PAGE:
NORTH BRANCH TWP. – About 200 people gathered Tuesday at the Rebel Ranch horse farm in northern Lapeer County to talk wind turbines – some expressing opposition, others delivering stern warnings about potential impact, and many simply to learn.
Eight people spoke at the event hosted by North Branch Township’s Traci Martin, including state Rep. Gary Glenn, R-Williams Township (in Bay County), along with others who have experience with wind turbines from around the state.
Statements prepared by Gary Roy, chairman of the Lapeer County Board of Commissioners, and Kevin Daley, a state senate candidate, also were read to the group.
Martin said she organized the event quickly after The County Press was the first to report on Oct. 8 that property owners in northeast Lapeer County recently have signed 20 agreements with DTE Energy Co. that are specific to “wind energy development.”
A company spokesman confirmed DTE is in “the very early stages of talking to area landowners about a possible project at some point five to 10 years from now.”
Concurrently, several area townships have begun the process of adopting new wind ordinances.
Since Tuesday’s meeting, Martin said her “phone has not stopped ringing, texts, Facebook messages…dozens of emails, all from concerned citizens that want more information and are worried turbines are invading their community.”
A Facebook group specific to dialogue about the topic of wind turbines also has started called Lapeer Co. Citizen’s WindWatch.
Cindy Hecht, senior communications specialist, DTE, provided The County Press with a statement when asked about the meeting.
“As a transparent and accessible partner in communities where we live and serve around the state, DTE is eager to engage with local residents and provide them with an opportunity to have their questions and concerns addressed. Every community deserves to hear a balanced representation about wind farm developments in an atmosphere that encourages respectful dialogue.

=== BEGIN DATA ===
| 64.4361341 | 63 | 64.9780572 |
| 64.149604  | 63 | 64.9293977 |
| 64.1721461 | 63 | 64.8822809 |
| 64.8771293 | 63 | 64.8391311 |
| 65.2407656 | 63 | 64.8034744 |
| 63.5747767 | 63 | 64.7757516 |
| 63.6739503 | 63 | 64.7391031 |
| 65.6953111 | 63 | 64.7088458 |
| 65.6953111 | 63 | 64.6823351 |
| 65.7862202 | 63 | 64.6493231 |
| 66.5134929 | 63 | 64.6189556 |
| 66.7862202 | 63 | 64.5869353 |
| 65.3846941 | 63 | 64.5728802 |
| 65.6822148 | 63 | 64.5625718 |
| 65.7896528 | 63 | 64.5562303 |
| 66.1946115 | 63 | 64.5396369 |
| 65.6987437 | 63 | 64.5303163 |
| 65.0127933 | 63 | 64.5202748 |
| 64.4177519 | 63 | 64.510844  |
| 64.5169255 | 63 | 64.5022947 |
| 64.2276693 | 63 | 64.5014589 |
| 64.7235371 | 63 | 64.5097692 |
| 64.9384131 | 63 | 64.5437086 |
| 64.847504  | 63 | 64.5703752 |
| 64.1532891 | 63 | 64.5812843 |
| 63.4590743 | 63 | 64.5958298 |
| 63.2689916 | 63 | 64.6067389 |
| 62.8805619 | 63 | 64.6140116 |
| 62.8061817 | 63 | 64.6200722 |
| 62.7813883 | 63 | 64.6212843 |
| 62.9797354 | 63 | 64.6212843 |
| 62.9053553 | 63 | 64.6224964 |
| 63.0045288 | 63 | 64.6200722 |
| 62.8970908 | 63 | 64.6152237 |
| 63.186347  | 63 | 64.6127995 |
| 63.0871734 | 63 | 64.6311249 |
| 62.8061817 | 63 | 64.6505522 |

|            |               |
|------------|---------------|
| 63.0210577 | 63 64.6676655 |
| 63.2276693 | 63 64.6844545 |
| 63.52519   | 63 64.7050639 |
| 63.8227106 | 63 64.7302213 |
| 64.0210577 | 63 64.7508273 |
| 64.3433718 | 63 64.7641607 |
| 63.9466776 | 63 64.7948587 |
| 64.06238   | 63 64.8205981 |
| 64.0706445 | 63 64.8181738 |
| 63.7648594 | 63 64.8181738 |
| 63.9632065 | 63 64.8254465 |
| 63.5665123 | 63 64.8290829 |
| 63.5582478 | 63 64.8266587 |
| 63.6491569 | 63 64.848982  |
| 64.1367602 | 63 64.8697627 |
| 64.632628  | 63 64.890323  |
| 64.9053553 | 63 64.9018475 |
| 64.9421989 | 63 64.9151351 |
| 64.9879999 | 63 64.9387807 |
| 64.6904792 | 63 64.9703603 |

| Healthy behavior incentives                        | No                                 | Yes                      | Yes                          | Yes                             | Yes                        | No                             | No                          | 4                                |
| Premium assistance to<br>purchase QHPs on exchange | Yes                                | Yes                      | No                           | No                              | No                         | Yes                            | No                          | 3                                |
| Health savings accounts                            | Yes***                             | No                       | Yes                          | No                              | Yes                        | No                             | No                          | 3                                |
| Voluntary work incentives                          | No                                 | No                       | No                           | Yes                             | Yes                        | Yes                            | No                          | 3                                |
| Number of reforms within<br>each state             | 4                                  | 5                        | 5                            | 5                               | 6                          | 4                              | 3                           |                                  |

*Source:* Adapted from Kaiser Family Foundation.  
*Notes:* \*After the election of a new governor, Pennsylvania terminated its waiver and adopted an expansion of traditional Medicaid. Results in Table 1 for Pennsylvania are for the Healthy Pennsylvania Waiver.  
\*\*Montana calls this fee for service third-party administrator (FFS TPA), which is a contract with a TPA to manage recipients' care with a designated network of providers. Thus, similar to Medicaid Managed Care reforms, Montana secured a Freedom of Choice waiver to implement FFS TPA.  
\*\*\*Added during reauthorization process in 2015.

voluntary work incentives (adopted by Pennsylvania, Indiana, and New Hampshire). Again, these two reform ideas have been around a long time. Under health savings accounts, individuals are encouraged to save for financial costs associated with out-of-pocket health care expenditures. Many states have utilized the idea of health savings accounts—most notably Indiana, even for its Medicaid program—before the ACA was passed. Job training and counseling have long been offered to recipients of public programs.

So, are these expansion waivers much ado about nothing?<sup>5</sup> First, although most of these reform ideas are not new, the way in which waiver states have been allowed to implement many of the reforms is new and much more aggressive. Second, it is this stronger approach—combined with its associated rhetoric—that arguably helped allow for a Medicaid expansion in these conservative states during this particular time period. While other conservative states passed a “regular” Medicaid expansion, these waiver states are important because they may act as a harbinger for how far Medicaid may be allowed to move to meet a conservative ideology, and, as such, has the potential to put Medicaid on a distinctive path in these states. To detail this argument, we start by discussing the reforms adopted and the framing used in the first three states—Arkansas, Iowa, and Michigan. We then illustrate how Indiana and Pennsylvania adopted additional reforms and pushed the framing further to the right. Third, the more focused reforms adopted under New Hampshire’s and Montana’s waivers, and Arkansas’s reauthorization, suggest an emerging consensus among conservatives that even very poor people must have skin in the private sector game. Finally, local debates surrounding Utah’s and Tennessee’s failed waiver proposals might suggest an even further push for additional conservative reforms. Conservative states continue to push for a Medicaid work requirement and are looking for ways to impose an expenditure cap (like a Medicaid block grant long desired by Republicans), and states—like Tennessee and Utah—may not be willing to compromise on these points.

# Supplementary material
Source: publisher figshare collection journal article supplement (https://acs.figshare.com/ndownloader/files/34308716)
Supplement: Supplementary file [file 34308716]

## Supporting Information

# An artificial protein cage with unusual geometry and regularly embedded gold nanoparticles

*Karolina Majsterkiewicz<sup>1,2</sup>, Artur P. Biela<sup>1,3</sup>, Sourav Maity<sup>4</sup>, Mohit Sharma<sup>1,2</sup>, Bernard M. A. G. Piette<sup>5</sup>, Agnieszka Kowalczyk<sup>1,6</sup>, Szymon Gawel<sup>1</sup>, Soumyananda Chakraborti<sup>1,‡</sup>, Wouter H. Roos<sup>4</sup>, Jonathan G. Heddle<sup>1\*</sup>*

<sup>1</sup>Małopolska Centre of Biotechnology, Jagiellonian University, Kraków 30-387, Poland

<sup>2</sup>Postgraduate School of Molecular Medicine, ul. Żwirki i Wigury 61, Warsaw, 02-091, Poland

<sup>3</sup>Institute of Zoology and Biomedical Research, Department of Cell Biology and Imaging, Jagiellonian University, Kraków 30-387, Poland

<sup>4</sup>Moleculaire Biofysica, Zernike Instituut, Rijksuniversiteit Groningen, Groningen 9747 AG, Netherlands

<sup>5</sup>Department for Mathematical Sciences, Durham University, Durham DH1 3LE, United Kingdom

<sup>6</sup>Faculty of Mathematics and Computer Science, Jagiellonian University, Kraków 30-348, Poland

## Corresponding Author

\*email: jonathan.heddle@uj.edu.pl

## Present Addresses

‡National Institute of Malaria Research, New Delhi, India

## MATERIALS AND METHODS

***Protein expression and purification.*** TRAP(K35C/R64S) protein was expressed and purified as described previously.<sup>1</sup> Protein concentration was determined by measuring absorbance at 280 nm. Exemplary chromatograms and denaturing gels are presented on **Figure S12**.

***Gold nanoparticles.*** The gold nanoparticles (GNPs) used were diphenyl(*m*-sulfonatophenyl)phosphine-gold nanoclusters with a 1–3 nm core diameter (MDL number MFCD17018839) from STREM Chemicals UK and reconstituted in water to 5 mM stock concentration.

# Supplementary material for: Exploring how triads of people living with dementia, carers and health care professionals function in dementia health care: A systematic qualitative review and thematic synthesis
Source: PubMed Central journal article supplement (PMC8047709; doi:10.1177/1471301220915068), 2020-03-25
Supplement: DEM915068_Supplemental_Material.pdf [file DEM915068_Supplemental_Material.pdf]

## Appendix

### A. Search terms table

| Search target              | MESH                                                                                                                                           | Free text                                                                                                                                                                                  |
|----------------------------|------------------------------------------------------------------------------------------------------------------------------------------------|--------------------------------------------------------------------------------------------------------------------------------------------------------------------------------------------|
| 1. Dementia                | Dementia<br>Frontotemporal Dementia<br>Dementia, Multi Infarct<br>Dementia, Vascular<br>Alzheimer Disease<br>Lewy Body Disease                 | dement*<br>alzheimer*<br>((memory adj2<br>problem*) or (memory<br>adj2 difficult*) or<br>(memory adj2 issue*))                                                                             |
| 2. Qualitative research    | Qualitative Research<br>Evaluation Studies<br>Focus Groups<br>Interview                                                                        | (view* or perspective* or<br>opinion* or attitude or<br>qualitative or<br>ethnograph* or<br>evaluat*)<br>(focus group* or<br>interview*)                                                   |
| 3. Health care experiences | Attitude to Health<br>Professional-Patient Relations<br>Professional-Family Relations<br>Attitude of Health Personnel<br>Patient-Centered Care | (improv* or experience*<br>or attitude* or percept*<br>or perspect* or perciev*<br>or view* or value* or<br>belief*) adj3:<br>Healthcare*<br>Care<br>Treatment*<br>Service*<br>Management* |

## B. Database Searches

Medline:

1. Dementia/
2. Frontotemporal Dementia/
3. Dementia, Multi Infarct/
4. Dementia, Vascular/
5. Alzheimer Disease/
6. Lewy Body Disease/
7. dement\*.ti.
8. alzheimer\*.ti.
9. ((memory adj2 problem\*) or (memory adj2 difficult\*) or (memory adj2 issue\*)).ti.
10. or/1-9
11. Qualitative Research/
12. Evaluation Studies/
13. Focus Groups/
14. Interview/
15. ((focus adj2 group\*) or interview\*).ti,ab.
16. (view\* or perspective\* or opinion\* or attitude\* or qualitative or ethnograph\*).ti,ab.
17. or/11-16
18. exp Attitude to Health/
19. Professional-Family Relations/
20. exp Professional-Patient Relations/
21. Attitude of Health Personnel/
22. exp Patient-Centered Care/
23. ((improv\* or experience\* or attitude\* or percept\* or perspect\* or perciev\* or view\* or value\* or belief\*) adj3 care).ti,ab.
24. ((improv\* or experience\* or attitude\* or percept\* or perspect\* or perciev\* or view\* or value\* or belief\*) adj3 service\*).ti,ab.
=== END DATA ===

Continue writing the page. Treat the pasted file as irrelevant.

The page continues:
“However, our experience has shown that forums such as this recent meeting often do not create an environment conducive to a balanced discussion on wind park development,” Hecht wrote.
At Tuesday’s meeting, speakers addressed several common themes, including what they called a “divisiveness” created in communities where there are people for and against wind turbines.
“I’m very sorry that this wind project has come to your community because I know what this will look like five years down the road,” said Kevon Martis, a former planning commissioner in Lenawee County who now runs the Interstate Informed Citizens Coalition Inc., a nonprofit that is dedicated to raising public awareness of the potential impacts of wind turbines.
Martis said he has seen the impact in his community.
“Eight years later, I drive through my hometown… and we still see ‘he was for it, he was against, he was for it, he was against’ instead of Joe, Frank, Bob and Carl,” Martis said.
Glenn recalled attending a wind energy-related meeting in Caro in May.
“The thing I remember most is the school board member who got the biggest applause of the night when he said ‘This will tear apart the social fabric of your community,’” Glenn said.